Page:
History

The Salvation Army began its ministry in the United States in October 1879. Lieutenant Eliza Shirley left England to join her parents, who migrated to America earlier in search of work. She held meetings that were so successful that General William Booth sent Commissioner George Scott Railton and seven women officers to the United States in March 1880 to formalize the effort. Their initial street meeting was held on the dockside at Battery Park in New York City the day they arrived.

In only three years, operations had expanded into Califormia, Connecticut, Indiana, Kentucky, Maryland, Massachusetts, Michigan, Missouri, New Jersey, New York, Ohio and Pennsylvania.  Family services, youth services, elderly services and disaster services are among the many programs offered in local communities throughout the United States, in Puerto Rico, the Virgin Islands, the Marshall Islands and Guam.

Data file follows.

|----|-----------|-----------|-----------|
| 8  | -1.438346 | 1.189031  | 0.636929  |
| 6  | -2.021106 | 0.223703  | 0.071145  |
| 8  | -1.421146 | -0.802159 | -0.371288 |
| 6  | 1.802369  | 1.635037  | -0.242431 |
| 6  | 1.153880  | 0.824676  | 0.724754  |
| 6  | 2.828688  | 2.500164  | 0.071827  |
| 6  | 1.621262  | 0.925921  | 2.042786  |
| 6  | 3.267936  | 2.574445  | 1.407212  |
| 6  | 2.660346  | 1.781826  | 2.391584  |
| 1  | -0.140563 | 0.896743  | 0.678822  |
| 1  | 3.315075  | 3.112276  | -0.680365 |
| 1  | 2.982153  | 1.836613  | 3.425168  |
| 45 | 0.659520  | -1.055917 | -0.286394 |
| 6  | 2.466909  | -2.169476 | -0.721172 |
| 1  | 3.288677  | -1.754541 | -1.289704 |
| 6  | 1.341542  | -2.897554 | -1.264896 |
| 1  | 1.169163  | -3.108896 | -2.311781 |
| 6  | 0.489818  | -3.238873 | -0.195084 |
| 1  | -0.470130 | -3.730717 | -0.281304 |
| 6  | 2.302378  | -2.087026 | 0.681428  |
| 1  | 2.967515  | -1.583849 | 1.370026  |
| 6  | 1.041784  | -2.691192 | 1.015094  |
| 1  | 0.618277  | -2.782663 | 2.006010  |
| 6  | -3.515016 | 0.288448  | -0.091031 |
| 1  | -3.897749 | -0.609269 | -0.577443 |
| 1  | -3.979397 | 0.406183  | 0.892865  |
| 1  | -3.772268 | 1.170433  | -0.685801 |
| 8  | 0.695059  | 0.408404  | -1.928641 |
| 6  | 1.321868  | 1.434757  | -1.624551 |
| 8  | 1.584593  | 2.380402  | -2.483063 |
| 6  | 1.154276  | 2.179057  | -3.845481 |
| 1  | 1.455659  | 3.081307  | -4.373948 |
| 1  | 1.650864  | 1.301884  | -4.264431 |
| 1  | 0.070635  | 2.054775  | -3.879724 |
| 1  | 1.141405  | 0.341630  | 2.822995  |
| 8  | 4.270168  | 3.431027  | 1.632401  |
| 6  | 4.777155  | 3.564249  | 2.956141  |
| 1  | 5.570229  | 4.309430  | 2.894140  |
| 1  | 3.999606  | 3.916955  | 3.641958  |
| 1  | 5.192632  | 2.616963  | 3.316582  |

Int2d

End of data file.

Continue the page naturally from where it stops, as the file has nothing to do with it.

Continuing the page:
The National Headquarters was incorporated as religious and charitable corporation in the State of New Jersey in 1982 as "The Salvation Army National Corporation" and is qualified to conduct its affairs in the Commonwealth of Virginia.